These two books represent impressive and important illustrated histories ensuring New Zealanders have the opportunity to gain a visual understanding of the history of the First World War  as fought by our soldiers and experienced by our country and our people.  They are both compelling books, although each for its own reasons.

Highly experienced cv_images_of_warand noted military historian Glyn Harper has not only done an excellent job in sifting through many official archives but, following a public appeal,  has also caused many private citizens to  release photographs often taken on front lines or general operational areas by soldiers who were actually forbidden to do so.  By the time of the First World War, photography had left the purview of the professional photographer with expensive glass plates and long processing times, and had become a hobby for the people.  Kodak, with the box Brownie and advanced processing techniques had democratised photography as had Henry Ford popularised cars with the Model  T.  Thus many New Zealanders serving in the theatres of war had a “soldiers Kodak” tucked away – illegally –  in their kitbag creating the opportunity for the WW1 to be the most comprehensively photographed of any previous conflict.

From all sources, 20,000 photographs were searched, a “long list” of 1240 chosen with 700 photographs eventually included in the book.  Harper has laid out his selection to cover all the major theatres where New Zealanders served as well as their training and preparation in New Zealand. By doing so he has also woven the chronology of the war from start to finish and even something of the aftermath, into 400 pages of a compelling memorial to those who served. There are a lot of tragic scenes, but also many scenes that lift the spirit.

Harper also places the illustrative content into context with well written introductions to each  section and insightful captions  to the photographs.  Just as this book was made possible by advances in petrographic technology early last century, it is clear that modern digital image enhancement, printing and publishing technology have all been used to ensure a quality production.

The photographs of the aftermath of the war are also demonstrate technological advance – medical and surgical advances to heal the wounds especially related to plastic surgery and the work of Sir Harold Gillies.

cv_new_zealand_and_the_first_world_warLatest printing and production techniques combined with old fashioned manual labour lie behind the launch this month at Government House of the official WW100 New Zealand and the First World War by Damien Fenton.  Again, like Images of War, it covers the history of New Zealand at war, but with many intriguing differences. Firstly, colour is used in this book and it is very, very colourful.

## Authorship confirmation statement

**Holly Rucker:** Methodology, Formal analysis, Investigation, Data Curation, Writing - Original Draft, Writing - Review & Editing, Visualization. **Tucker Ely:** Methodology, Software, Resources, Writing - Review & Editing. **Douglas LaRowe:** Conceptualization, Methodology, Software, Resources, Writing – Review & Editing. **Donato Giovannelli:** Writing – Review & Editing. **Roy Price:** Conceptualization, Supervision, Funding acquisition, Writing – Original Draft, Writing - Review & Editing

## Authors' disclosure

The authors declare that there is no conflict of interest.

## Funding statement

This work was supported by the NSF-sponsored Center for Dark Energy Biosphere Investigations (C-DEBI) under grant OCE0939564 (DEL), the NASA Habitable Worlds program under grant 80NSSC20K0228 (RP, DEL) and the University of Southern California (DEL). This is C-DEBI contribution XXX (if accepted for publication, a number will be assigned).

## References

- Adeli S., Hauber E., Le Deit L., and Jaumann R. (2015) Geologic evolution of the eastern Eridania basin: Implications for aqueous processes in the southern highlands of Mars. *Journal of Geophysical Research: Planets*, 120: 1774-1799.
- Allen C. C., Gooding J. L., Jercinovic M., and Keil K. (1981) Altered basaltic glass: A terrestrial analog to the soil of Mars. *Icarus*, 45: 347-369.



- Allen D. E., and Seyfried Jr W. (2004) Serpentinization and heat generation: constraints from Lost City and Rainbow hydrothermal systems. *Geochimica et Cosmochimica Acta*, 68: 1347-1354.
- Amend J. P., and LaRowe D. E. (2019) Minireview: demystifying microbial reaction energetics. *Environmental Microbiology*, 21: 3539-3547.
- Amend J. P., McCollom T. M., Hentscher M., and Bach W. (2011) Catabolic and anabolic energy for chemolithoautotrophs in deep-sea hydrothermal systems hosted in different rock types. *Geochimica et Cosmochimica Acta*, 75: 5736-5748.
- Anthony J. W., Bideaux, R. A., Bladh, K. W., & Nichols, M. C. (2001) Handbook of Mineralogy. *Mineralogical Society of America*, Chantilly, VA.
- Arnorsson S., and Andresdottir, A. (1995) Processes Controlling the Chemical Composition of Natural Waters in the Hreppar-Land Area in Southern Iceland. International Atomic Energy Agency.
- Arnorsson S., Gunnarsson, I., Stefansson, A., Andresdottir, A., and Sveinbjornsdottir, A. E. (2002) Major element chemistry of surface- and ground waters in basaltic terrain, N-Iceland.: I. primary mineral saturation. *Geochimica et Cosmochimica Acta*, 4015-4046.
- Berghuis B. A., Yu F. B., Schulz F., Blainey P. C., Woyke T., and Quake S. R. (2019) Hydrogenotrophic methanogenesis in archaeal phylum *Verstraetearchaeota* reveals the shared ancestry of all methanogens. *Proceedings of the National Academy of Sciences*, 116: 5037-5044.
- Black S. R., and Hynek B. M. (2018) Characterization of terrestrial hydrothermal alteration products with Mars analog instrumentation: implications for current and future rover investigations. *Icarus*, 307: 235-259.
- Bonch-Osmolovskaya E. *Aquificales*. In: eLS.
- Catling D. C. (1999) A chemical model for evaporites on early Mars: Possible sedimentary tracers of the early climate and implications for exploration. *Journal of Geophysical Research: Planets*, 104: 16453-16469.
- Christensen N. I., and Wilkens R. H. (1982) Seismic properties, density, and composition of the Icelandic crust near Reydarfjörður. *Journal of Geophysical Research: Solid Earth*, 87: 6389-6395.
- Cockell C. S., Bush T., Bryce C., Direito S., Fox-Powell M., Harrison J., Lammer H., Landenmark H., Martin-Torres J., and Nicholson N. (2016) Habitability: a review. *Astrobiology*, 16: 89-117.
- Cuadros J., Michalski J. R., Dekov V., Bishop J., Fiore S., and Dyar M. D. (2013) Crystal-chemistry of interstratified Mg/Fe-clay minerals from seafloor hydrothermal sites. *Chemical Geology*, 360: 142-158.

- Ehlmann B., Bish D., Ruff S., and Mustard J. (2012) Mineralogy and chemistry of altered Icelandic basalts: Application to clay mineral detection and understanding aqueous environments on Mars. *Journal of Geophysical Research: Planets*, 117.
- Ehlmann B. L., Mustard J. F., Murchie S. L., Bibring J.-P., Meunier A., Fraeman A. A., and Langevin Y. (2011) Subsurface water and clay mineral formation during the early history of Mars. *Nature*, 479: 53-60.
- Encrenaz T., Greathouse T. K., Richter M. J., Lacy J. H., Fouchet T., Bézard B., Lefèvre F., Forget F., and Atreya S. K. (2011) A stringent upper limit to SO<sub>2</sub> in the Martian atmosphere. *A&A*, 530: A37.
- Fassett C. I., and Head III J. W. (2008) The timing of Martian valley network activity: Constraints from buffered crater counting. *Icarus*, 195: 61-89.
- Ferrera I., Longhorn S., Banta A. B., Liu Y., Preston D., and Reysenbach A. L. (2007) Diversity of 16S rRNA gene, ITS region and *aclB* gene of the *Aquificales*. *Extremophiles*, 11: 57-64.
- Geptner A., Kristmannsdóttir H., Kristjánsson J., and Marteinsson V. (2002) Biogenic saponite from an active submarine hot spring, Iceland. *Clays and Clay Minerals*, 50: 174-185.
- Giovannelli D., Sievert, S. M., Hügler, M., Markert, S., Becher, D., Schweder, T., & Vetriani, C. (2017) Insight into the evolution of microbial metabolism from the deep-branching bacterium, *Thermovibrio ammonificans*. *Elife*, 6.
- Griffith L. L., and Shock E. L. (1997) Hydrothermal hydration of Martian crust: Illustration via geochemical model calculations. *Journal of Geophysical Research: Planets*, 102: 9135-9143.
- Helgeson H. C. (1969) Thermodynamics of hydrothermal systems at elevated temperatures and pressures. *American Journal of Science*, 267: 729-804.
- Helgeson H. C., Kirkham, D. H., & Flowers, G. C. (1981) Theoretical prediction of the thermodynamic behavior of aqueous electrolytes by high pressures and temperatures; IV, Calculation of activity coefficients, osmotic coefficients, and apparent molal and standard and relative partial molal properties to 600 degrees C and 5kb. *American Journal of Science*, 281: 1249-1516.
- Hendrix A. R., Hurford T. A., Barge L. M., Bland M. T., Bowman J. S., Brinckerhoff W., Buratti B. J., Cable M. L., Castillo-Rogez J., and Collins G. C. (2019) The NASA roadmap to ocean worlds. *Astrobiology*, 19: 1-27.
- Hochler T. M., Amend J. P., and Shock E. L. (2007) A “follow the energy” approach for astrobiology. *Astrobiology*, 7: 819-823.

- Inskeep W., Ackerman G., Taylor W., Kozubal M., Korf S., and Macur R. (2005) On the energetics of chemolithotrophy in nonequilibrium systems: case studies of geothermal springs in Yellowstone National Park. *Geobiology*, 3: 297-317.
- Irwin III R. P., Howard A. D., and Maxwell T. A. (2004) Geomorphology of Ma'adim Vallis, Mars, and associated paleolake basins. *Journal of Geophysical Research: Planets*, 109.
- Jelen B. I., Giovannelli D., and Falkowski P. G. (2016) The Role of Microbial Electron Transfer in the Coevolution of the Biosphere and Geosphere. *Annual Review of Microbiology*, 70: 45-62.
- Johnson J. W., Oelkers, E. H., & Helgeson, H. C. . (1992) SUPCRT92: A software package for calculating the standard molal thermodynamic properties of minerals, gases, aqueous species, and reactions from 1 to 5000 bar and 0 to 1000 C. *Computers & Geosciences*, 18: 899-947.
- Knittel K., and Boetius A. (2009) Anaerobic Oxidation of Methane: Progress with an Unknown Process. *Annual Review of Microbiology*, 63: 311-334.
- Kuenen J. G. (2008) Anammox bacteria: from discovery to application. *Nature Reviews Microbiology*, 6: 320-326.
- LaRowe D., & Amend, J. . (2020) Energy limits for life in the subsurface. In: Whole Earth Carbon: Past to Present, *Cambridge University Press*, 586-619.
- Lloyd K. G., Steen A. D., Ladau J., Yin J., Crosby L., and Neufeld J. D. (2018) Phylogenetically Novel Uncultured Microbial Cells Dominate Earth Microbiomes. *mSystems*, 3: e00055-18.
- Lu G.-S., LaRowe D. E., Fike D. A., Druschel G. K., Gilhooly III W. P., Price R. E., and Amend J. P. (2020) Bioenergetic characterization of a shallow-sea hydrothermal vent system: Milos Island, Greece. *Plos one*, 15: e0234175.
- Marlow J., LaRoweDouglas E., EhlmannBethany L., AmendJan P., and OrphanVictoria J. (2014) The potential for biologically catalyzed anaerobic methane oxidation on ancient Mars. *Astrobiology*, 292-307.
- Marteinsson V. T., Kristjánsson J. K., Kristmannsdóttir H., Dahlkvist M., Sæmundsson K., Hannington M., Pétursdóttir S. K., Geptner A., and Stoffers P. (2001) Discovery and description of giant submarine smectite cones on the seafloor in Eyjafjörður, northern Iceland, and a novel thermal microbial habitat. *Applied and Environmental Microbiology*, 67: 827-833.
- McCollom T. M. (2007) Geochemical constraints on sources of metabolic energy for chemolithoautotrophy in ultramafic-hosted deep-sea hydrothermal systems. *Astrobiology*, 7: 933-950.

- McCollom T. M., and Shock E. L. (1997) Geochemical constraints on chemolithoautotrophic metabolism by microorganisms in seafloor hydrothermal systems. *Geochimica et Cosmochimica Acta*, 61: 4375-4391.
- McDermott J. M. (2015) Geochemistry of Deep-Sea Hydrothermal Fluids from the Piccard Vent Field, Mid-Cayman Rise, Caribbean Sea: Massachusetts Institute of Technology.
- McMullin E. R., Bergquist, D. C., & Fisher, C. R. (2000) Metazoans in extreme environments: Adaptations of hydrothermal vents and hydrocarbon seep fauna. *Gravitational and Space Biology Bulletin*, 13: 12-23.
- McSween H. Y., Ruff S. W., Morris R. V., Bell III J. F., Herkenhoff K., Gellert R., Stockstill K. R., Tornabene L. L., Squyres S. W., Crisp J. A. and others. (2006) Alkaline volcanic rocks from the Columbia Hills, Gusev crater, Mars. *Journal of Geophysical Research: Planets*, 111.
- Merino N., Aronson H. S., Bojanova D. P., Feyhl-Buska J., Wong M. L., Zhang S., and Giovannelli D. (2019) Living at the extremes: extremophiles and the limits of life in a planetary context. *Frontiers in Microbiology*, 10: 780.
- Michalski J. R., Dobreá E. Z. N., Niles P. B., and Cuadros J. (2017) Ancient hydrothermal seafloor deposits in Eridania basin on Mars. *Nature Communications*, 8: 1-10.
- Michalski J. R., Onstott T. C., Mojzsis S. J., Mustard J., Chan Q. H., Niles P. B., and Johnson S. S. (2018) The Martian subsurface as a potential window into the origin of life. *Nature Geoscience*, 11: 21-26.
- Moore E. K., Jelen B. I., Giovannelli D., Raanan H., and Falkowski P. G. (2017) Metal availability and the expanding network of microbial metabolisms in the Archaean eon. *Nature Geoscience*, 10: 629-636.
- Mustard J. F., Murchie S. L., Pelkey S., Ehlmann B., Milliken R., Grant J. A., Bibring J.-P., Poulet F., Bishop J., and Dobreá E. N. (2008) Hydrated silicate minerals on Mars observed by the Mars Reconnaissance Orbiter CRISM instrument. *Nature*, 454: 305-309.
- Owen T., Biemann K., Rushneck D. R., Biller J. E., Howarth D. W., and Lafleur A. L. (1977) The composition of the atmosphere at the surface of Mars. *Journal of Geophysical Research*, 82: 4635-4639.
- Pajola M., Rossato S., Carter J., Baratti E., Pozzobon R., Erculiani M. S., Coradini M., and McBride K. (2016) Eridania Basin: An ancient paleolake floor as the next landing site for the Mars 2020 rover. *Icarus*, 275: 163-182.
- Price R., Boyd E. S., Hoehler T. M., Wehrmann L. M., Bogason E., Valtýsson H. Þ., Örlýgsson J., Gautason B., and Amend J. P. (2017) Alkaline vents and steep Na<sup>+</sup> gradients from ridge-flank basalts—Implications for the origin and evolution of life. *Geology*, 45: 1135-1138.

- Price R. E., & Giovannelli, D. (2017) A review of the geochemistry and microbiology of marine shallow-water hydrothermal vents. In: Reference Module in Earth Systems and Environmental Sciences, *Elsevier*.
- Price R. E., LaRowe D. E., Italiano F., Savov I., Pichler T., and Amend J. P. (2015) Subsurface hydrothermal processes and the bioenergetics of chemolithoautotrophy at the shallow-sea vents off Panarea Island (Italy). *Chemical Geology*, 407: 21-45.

Of course most of the photographs are black and white but often with sepia finish and  bordering on the one hand or bleeding into a marbled like treatment across each page which appears to be achieved by a progressive fading of a photograph. The effect is a sense of age. But then comes the reproduction of colourful paintings such as Ion G Brown’s 1990 image of the last moments of New Zealand heroism at Chanuk Bair and portraits of war leaders such as Haig and Joffre.  But most colour comes from the ephemera of the war. There is an abundance of tickets to fundraising queen carnivals in kiwi towns and cities, programmes to concerts, occupation currency to be used by New Zealand occupation forces in Germany in 1919, programmes to victory marches and victory balls.

Then comes the manual labour associated with this remarkable scrapbook-like publication. Scattered throughout are pasted-in envelopes containing for instance, enlistment posters for the young lions of the empire, Australia, Canada, India and New Zealand to support the Old Lion as he “defies his foes” . Another of these opaque envelopes contains the list of New Zealanders missing or wounded as published by the Red Cross enquiry Bureau for May 1917 while another has inside reproduction of trench map of one of the Flanders battlefields featuring the village of Messines where the New Zealanders fought and won an historic battle.

There are other maps set on to pages as small fold-outs which provide clear and precise information on various battles.  And of course there are envelopes containing facsimiles of heart-wrenching letters home to parents from sons about to go into battle and not to return.

It is understood from Penguin, publishers of this book in Association with the Ministry of Culture and Heritage, that the collection of the images paraphernalia and ephemera for this book began in 2009.  Once author Damien Fenton with Gavin McLean and Tim Shoebridge had written and prepared all the material, all the bits and pieces were assembled in a production line at Leo Paper Products in China with each of the envelopes and fold out maps and cards inserted by hand – each book taking 40 minutes to finish.

There will be many more books to come recounting the New Zealand experience of the First World War but for any family with a connection back to forebears who served either or both of these books will help to understand, maybe not why, but certainly how a young New Zealand stood up to the greatest challenge it had ever faced.

Reviewed by Lincoln Gould, CEO, Booksellers NZ

New Zealand and the First World War 1914 – 1919
by Damien Fenton
Published by Penguin NZ
ISBN 9780143569756

Images of War: New Zealand and the First World War in Photographs
by Glyn Harper and the National Army Museum
Published by HarperCollins
ISBN 9781775540342